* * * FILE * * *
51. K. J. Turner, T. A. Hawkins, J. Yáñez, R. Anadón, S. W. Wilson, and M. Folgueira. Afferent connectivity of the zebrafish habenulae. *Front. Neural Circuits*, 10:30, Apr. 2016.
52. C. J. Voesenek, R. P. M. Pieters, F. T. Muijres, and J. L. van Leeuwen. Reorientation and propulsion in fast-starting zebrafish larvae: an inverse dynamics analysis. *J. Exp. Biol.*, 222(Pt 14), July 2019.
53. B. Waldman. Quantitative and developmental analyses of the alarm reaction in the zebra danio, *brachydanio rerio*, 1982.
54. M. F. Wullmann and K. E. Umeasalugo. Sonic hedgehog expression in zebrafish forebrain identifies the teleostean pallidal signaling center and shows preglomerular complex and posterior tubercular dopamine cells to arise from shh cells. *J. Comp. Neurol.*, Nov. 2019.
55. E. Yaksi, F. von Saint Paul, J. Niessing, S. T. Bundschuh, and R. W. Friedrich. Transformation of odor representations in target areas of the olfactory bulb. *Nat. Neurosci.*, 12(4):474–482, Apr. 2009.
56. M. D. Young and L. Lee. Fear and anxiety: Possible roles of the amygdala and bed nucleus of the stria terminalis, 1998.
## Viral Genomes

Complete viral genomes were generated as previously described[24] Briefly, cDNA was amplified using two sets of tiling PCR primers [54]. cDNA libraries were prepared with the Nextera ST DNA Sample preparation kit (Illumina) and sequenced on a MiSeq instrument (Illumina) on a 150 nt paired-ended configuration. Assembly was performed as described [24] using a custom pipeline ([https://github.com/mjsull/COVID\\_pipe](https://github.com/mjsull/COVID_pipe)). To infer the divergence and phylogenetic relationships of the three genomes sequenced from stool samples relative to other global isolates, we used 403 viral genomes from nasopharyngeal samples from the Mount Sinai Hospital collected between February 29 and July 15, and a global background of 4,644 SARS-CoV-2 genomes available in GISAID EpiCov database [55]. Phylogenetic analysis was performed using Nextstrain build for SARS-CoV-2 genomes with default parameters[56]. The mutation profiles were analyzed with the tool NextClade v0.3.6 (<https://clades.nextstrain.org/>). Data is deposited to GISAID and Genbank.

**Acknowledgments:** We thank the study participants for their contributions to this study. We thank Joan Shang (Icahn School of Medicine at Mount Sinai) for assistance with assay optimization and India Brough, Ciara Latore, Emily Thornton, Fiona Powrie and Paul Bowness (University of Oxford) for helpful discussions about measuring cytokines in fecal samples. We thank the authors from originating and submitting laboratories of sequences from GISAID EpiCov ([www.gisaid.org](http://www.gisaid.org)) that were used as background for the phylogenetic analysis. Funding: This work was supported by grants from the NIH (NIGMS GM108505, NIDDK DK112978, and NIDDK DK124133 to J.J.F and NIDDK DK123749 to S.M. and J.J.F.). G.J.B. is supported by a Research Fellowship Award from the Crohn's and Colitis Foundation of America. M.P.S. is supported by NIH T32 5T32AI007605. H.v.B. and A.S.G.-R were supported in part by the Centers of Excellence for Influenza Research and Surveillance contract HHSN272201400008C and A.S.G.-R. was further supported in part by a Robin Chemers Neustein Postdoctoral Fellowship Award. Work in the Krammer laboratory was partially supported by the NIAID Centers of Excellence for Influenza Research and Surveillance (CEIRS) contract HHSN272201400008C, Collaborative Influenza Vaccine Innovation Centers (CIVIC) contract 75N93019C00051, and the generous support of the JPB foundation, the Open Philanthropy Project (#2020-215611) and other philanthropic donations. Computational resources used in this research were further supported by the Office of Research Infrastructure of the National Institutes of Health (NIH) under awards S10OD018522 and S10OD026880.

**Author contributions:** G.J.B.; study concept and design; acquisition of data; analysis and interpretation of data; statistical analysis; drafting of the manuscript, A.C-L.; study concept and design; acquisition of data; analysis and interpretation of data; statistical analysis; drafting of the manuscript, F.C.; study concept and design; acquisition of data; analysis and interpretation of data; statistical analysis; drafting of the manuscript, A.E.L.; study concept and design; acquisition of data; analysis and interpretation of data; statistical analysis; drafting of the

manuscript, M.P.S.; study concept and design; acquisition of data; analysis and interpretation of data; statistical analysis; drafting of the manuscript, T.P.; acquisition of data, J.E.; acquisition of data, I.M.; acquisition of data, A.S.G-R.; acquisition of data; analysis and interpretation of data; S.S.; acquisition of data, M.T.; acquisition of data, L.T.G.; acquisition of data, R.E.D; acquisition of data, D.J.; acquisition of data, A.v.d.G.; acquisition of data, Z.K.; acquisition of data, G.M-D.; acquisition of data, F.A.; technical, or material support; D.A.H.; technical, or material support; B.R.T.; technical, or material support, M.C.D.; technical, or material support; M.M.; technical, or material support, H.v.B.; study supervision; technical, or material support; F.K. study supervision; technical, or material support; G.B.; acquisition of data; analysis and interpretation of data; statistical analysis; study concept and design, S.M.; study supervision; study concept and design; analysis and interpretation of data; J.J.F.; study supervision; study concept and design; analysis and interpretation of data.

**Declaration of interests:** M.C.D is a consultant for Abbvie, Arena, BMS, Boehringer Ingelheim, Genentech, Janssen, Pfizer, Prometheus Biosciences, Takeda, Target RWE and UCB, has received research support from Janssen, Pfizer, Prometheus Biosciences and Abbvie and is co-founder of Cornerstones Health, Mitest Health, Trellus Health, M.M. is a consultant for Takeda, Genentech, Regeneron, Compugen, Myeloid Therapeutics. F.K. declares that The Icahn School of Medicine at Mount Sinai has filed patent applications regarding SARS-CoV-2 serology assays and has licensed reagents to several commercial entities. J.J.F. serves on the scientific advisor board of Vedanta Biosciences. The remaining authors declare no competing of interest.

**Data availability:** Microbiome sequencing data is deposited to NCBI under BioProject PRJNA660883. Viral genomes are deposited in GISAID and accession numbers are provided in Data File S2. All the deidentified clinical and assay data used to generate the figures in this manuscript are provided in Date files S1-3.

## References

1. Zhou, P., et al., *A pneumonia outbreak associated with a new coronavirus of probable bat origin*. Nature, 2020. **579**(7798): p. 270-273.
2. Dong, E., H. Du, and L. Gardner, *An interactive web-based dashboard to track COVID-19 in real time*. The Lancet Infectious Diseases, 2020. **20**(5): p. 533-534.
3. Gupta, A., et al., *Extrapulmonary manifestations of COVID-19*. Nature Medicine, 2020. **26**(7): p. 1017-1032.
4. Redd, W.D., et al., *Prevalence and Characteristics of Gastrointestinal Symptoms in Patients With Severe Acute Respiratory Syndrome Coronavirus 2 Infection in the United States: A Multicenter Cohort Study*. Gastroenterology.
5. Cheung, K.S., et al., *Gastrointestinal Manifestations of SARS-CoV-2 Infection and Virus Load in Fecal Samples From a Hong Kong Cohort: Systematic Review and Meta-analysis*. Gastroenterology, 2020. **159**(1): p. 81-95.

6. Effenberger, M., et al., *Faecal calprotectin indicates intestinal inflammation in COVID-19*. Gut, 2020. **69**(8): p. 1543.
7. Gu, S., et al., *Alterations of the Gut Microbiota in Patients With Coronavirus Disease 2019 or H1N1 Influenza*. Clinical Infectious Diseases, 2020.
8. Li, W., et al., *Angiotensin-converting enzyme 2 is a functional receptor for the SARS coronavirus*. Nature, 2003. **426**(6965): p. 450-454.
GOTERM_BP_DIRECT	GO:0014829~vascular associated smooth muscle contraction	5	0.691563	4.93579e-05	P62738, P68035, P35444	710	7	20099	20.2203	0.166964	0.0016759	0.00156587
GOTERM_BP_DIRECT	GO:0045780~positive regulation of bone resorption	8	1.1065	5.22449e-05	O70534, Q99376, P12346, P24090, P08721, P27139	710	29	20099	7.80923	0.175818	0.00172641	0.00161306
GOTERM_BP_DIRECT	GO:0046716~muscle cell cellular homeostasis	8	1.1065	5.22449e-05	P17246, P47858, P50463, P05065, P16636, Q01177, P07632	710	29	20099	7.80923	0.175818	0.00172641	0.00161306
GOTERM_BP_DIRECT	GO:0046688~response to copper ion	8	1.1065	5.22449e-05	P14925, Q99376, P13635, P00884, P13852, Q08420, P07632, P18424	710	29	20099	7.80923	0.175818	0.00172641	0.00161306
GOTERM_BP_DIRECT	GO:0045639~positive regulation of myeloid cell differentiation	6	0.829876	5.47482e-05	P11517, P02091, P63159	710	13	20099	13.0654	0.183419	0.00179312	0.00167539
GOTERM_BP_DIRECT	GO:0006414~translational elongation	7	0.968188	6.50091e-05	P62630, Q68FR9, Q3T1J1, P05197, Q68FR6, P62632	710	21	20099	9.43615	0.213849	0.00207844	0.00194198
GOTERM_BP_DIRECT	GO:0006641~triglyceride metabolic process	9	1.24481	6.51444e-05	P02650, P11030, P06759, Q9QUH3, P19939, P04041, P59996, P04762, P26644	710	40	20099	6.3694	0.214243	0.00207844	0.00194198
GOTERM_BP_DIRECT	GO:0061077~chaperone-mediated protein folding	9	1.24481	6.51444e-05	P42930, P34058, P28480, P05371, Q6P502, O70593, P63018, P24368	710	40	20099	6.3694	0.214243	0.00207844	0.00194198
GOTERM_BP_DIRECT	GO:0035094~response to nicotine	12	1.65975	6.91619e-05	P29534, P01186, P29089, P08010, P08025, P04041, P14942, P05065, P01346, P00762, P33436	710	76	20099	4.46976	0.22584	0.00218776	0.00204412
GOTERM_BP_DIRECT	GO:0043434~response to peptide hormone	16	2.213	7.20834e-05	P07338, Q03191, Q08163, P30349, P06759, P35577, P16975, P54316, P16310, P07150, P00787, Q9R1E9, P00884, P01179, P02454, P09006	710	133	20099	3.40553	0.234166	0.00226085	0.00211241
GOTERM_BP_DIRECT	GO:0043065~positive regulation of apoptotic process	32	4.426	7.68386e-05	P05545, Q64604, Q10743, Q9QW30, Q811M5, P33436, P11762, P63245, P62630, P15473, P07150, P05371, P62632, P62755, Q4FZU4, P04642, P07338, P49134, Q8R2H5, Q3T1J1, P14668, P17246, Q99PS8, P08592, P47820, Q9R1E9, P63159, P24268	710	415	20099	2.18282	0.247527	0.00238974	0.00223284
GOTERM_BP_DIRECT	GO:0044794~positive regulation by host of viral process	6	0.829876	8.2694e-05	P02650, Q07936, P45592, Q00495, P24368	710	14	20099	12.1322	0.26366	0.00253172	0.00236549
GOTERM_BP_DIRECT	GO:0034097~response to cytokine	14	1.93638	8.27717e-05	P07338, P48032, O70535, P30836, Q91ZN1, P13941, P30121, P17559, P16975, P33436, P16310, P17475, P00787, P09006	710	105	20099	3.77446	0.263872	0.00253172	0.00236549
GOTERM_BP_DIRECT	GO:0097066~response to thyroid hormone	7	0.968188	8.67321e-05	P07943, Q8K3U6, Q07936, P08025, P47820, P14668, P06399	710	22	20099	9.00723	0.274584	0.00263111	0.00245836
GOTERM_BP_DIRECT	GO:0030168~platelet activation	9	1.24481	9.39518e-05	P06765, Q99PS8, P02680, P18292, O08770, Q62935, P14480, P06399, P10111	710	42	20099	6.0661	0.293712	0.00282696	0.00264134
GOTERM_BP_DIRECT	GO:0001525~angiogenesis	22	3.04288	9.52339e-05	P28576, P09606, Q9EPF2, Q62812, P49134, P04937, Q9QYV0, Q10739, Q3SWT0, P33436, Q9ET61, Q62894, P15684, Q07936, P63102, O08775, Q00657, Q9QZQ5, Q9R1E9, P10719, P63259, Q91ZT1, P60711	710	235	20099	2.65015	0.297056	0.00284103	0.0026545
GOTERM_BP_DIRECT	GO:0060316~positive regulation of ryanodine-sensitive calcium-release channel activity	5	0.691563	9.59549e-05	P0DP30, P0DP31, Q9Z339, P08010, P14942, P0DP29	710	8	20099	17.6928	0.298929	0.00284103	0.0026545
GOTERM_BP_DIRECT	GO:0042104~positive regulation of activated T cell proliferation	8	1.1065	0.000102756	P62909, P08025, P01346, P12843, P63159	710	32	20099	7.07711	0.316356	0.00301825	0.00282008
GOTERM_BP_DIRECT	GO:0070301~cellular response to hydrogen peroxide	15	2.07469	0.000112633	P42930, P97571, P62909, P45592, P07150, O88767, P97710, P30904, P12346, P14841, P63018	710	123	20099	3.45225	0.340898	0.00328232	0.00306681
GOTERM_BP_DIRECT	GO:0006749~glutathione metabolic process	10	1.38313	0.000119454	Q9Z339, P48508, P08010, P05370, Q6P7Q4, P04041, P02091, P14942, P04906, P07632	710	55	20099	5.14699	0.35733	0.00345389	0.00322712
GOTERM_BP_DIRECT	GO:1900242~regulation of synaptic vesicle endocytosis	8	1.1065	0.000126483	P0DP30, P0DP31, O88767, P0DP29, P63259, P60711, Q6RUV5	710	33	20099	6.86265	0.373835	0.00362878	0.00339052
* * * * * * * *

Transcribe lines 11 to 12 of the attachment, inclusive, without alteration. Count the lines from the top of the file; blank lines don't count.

manuscript, M.P.S.; study concept and design; acquisition of data; analysis and interpretation of data; statistical analysis; drafting of the manuscript, T.P.; acquisition of data, J.E.; acquisition of data, I.M.; acquisition of data, A.S.G-R.; acquisition of data; analysis and interpretation of data; S.S.; acquisition of data, M.T.; acquisition of data, L.T.G.; acquisition of data, R.E.D; acquisition of data, D.J.; acquisition of data, A.v.d.G.; acquisition of data, Z.K.; acquisition of data, G.M-D.; acquisition of data, F.A.; technical, or material support; D.A.H.; technical, or material support; B.R.T.; technical, or material support, M.C.D.; technical, or material support; M.M.; technical, or material support, H.v.B.; study supervision; technical, or material support; F.K. study supervision; technical, or material support; G.B.; acquisition of data; analysis and interpretation of data; statistical analysis; study concept and design, S.M.; study supervision; study concept and design; analysis and interpretation of data; J.J.F.; study supervision; study concept and design; analysis and interpretation of data.

**Declaration of interests:** M.C.D is a consultant for Abbvie, Arena, BMS, Boehringer Ingelheim, Genentech, Janssen, Pfizer, Prometheus Biosciences, Takeda, Target RWE and UCB, has received research support from Janssen, Pfizer, Prometheus Biosciences and Abbvie and is co-founder of Cornerstones Health, Mitest Health, Trellus Health, M.M. is a consultant for Takeda, Genentech, Regeneron, Compugen, Myeloid Therapeutics. F.K. declares that The Icahn School of Medicine at Mount Sinai has filed patent applications regarding SARS-CoV-2 serology assays and has licensed reagents to several commercial entities. J.J.F. serves on the scientific advisor board of Vedanta Biosciences. The remaining authors declare no competing of interest.